This is John Milton's last Italian sonnet; will you be an angel and lend me your opinion?

Of lovers I, a simpleton content To flee himself (great little understood) Do bid you take, my Lady, if you would, My humble heart, with proof in such extent: It was intrepid and of faith unbent, With graceful thoughts, most courteous and good; When exploits roaring rent the starry hood It armed its might... show more Of lovers I, a simpleton content
To flee himself (great little understood)
Do bid you take, my Lady, if you would,
My humble heart, with proof in such extent:

It was intrepid and of faith unbent,
With graceful thoughts, most courteous and good;
When exploits roaring rent the starry hood
It armed its might in native adament;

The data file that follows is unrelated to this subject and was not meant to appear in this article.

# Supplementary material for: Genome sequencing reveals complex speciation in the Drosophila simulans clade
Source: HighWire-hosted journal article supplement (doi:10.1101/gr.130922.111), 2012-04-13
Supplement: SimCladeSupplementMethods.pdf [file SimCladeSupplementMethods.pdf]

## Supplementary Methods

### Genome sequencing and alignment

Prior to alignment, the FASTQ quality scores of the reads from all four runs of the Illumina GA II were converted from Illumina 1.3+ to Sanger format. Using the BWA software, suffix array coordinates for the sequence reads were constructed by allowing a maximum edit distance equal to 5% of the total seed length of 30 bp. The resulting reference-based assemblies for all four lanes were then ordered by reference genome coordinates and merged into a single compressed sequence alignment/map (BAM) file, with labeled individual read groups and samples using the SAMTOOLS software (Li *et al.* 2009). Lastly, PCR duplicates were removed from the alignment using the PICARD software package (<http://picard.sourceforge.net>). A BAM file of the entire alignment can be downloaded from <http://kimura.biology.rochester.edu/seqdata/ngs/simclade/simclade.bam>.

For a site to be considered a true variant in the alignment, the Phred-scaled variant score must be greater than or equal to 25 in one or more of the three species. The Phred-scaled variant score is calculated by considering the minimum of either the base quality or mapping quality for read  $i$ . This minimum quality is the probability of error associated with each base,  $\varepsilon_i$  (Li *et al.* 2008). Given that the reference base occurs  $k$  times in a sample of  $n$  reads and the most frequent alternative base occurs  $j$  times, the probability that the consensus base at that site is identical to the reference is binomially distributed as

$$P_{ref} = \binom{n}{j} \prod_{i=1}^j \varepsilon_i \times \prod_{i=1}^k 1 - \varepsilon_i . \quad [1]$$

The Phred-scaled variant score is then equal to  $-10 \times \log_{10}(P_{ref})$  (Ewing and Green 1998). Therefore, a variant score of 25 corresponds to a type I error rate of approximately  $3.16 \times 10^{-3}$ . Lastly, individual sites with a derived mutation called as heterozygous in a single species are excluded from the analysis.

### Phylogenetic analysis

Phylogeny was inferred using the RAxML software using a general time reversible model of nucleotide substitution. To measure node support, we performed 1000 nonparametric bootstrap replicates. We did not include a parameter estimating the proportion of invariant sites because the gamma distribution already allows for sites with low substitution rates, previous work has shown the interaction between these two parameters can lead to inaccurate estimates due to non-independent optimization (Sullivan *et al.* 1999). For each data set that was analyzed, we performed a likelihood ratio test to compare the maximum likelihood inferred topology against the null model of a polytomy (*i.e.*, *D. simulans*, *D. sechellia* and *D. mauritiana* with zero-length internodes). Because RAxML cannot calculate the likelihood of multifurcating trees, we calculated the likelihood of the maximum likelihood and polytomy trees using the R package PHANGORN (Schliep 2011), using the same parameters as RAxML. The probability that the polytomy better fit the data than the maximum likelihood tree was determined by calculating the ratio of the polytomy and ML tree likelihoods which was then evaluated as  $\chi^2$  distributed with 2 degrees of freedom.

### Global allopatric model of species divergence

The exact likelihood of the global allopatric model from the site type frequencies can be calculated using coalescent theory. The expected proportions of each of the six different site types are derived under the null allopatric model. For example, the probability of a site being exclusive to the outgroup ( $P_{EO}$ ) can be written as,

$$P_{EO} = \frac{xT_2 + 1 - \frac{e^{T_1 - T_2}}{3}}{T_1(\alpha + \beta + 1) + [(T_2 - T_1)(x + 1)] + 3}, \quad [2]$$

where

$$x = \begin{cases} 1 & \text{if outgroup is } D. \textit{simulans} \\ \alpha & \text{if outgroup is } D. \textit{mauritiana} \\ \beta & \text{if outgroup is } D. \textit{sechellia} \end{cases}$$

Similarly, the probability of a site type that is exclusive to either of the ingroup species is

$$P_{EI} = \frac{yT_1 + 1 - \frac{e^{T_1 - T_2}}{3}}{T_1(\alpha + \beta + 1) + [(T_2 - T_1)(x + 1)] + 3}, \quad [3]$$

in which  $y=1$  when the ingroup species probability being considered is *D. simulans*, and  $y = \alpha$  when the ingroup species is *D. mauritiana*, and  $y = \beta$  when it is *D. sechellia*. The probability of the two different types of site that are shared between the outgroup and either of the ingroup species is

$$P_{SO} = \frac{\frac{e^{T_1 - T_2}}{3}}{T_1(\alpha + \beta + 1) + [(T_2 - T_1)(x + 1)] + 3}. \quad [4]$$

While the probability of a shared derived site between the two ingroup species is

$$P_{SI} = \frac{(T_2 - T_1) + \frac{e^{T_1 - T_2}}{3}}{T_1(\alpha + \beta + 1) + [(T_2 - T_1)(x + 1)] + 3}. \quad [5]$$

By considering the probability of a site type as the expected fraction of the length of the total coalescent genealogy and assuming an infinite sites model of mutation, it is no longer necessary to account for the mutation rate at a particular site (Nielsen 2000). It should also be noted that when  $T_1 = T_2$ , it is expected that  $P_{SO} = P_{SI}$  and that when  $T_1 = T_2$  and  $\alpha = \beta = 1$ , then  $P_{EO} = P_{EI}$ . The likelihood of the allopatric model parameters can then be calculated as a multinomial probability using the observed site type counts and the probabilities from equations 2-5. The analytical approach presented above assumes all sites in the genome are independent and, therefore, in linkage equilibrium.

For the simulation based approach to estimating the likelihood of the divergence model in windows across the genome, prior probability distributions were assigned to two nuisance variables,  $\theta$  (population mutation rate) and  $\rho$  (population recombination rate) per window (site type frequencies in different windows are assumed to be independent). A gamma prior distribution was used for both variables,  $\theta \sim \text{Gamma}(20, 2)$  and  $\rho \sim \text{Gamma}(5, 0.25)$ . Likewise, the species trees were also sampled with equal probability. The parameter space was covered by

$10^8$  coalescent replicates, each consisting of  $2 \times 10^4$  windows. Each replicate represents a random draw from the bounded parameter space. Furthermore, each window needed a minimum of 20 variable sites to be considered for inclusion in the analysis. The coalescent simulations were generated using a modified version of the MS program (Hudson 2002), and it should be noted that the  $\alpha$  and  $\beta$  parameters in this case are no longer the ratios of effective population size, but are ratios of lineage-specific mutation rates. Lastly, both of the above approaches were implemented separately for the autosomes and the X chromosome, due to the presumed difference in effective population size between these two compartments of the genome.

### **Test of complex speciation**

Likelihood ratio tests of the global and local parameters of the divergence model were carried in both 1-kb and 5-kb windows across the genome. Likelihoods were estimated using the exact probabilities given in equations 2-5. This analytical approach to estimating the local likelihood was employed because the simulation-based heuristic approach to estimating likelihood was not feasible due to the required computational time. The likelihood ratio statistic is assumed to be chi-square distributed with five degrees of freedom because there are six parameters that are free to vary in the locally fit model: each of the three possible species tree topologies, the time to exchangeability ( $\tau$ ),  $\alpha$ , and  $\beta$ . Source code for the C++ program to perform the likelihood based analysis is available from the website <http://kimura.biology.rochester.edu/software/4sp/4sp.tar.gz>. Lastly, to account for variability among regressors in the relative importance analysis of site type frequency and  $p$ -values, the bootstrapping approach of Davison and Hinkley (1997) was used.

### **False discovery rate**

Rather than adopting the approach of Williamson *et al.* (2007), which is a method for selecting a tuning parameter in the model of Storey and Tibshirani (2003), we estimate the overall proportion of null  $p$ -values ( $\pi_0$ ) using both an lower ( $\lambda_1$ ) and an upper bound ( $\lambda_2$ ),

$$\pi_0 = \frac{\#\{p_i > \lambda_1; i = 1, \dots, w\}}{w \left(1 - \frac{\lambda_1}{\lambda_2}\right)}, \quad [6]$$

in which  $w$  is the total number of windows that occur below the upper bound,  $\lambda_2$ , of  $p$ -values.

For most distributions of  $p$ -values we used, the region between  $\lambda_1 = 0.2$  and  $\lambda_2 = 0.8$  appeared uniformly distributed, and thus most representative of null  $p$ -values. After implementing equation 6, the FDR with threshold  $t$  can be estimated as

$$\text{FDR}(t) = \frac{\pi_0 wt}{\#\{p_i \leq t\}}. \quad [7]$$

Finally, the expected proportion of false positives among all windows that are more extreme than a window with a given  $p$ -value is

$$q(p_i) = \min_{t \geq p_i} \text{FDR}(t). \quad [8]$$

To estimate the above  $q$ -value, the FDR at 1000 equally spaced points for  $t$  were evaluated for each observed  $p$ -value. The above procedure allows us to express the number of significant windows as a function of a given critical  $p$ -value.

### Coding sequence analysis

Shunning resentment and from chance secure,
Its bulk inured from hope and fear's abuses,
Kept kin to genius, proffers brave of heart,

As lyric strains amongst its arduous muses,
And only, you will find, can less endure
In that one spot where Love has put his dart.

~John Milton, sonnet 6 (from the Italian)
Update: Oval O-- a few lines are paraphrased more than translated, but some are close to what I would say in prose; unfortunately there is a trade-off between accuracy and fun.
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